Billington Structures Ltd
The University of Sheffield
‘The Diamond’ is a new Undergraduate Engineering Facility for The University of Sheffield providing specialist engineering laboratories, lecture theatres, flexible seminar rooms, open-plan learning and social spaces, a library and café.
The building’s design is both conceptual and practical, as well as being sympathetic to the existing architecture of the area. Its name derives from its unique exterior façade of interconnected diamonds in anodised aluminium that are fitted to the exterior glass cladding.
With a BREEAM ‘Excellent’ rating the structure is environmentally efficient. The positioning of windows maximises the inflow of natural light into the laboratories, and aids ventilation without the sole reliance on air conditioning. The windows are designed to control solar gain within the building, with larger openings to the north façade and smaller panels on the south side, as well as the inclusion of well-positioned opaque panels.
The ground floor has three access points to the central atrium with full-height glazing on the north and south edges giving internal views into the specialist engineering laboratories. The glazed apertures between the higher levels allow both the roof lights and daylight to flood into the open-plan study spaces below, whilst also creating acoustic separation.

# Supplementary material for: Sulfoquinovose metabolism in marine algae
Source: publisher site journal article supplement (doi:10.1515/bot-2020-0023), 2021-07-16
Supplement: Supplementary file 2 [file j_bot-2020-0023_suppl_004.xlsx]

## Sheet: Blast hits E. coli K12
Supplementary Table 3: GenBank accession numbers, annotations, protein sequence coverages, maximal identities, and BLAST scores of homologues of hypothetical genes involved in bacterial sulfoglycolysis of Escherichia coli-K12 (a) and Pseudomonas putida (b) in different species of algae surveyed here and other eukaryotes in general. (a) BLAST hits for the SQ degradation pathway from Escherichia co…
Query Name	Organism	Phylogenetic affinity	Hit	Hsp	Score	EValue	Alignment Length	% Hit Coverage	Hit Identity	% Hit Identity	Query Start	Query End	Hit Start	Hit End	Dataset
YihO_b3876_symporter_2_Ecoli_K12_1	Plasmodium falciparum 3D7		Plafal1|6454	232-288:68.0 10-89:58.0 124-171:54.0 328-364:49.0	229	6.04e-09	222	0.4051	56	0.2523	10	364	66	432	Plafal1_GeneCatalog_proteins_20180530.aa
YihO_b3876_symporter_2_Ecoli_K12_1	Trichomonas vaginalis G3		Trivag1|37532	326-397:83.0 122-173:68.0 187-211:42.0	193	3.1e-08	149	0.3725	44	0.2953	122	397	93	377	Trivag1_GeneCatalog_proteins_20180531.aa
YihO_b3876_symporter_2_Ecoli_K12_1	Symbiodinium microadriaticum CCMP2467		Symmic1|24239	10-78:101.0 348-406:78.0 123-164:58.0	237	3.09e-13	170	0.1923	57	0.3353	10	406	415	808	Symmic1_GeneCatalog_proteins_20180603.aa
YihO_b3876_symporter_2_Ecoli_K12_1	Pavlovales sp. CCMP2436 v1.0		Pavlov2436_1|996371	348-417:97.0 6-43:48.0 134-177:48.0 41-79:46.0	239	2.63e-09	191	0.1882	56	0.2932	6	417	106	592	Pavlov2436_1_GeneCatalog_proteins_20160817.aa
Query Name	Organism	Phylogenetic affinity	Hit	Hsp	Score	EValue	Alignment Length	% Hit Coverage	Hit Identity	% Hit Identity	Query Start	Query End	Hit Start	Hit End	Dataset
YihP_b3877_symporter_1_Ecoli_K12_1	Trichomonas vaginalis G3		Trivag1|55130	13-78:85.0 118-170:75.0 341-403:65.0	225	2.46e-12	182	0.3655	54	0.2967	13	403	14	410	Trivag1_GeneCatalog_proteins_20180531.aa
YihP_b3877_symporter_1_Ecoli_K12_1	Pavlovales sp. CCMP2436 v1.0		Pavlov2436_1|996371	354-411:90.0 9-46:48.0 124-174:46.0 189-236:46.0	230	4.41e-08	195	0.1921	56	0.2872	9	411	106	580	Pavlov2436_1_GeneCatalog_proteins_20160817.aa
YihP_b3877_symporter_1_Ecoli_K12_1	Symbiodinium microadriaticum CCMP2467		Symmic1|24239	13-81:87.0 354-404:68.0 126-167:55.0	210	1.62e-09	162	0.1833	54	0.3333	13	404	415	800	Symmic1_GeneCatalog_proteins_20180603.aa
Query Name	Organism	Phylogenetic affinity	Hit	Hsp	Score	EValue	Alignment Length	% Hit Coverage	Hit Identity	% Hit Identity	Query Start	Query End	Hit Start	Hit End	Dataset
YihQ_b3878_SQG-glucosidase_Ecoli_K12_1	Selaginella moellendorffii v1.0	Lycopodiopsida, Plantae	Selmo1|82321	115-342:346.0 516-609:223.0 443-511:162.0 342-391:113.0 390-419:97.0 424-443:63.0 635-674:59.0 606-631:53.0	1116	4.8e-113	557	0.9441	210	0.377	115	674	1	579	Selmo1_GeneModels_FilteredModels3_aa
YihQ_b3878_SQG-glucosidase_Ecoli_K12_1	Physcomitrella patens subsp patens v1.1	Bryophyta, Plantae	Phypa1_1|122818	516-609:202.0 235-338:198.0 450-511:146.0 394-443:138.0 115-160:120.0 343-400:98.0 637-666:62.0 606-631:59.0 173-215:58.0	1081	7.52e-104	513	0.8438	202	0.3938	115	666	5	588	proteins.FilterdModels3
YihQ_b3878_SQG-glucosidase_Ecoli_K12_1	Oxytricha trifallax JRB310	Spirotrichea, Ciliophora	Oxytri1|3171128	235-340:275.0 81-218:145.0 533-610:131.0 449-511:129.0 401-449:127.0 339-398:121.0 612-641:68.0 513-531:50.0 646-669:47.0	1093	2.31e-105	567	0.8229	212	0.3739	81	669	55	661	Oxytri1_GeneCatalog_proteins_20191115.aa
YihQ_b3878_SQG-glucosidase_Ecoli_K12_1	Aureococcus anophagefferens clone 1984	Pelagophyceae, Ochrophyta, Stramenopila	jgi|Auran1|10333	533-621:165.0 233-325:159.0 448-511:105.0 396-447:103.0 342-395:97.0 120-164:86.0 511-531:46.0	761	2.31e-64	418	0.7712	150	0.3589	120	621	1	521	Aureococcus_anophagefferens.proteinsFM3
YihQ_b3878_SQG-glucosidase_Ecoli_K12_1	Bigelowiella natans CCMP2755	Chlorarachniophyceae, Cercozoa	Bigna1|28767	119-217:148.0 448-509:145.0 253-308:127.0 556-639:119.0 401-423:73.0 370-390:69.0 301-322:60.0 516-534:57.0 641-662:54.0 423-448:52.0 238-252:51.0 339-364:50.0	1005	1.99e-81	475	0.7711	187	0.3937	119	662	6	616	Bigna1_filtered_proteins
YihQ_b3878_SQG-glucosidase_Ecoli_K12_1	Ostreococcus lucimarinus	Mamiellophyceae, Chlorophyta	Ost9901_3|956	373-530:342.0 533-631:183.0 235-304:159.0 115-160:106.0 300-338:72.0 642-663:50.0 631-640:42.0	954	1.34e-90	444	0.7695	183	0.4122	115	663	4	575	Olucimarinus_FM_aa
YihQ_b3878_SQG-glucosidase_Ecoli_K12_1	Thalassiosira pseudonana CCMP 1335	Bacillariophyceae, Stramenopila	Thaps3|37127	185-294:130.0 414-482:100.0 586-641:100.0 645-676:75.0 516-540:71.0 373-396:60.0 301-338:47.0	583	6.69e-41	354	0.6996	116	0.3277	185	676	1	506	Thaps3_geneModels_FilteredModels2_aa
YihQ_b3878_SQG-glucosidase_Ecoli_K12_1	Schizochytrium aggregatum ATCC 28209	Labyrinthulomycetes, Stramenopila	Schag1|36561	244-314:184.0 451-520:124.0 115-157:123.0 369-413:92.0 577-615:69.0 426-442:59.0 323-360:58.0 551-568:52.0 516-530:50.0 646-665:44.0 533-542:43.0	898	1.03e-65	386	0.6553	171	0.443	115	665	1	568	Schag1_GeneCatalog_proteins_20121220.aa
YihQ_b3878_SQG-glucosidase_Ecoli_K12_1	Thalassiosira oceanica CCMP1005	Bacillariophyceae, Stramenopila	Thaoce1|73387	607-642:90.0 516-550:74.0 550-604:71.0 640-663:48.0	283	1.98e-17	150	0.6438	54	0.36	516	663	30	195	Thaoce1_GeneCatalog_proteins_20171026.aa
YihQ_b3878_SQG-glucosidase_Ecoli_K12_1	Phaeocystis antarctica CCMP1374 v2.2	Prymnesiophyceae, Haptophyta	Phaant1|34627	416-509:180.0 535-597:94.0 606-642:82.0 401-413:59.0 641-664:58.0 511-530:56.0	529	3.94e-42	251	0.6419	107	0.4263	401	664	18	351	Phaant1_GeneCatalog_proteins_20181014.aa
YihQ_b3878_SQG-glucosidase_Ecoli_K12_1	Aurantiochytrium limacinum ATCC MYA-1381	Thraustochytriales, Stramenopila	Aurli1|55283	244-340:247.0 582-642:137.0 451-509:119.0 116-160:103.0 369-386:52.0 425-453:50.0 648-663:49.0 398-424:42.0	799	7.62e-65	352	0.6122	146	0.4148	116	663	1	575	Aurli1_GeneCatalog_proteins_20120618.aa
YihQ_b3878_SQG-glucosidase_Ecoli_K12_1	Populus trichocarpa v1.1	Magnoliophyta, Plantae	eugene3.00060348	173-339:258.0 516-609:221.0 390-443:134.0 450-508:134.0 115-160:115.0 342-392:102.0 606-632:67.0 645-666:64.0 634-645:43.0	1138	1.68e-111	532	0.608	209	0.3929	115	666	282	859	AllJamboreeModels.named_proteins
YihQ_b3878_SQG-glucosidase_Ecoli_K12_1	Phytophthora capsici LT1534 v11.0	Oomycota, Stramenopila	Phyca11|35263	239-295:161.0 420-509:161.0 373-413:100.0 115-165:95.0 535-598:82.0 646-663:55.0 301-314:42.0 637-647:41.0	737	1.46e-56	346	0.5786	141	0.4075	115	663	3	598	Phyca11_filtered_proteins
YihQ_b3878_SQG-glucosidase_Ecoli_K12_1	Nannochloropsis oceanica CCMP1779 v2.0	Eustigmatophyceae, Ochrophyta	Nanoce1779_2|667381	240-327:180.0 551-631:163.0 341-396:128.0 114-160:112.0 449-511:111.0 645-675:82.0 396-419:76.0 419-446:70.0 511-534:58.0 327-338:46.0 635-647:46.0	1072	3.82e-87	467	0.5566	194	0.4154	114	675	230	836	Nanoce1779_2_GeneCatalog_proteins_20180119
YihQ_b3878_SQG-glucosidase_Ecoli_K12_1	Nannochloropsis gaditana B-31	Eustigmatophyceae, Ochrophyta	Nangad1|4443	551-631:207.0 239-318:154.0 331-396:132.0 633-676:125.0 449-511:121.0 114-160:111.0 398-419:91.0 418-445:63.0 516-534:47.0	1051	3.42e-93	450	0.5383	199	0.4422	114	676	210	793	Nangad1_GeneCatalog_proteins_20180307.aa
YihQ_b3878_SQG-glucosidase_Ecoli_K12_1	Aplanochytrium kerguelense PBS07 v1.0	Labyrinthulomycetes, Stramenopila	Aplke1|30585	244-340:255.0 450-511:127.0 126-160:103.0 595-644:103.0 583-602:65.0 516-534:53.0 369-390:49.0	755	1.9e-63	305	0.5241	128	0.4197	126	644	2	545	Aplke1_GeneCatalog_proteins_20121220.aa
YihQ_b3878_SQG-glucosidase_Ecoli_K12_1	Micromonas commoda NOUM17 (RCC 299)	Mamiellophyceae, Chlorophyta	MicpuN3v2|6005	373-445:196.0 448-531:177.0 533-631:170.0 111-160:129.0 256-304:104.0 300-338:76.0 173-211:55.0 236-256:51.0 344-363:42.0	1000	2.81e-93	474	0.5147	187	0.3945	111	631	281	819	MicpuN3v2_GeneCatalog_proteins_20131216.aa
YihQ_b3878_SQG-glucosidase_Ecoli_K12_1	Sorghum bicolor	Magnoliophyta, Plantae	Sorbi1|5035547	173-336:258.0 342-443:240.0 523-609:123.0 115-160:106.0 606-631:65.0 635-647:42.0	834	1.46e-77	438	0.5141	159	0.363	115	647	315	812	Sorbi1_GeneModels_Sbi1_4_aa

A large proportion of the structure below roof level was neither on grid nor orthogonal in set-out, but the adaptable and slender nature of steel construction lent itself to the unusual design.
The connections to the façade panels were formed using offsite shop-welded propriety studs which reduced costs significantly and saved weeks of additional construction time.
The city centre site produced several challenges and restricted access so timings for deliveries were paramount. The steel was lotted in approximately 5-10 tonne lots to arrive and be erected in numbered sequence for safety, practicality due to limited on-site storage and stability during construction. The programme also had to consider minimising the disruption to the students.
The façades had to be accessed partly from the ground and partly from the structure which resulted in numerous challenges. As such, specific MEWPs had to be selected which had a big reach but were sufficiently lightweight so as not to cause load capacity issues on certain platforms.
Numerous protection systems were specified to cater for the multitude of environmental and aesthetic requirements. Finishes provided included galvanized, zinc phosphate and multi-coloured systems to achieve those requirements whilst minimising future maintenance.
Construction work began in July 2013 and the building was successfully completed in time for the beginning of the 2015 autumn semester.
A testament to the success of this imaginatively designed university building is how well it is used by the students. Exposed steelwork elements, including an immaculate spiral staircase, contribute to the architectural language of the interior.
This well-crafted building with its excellent internal environment is bound to inspire all who use it.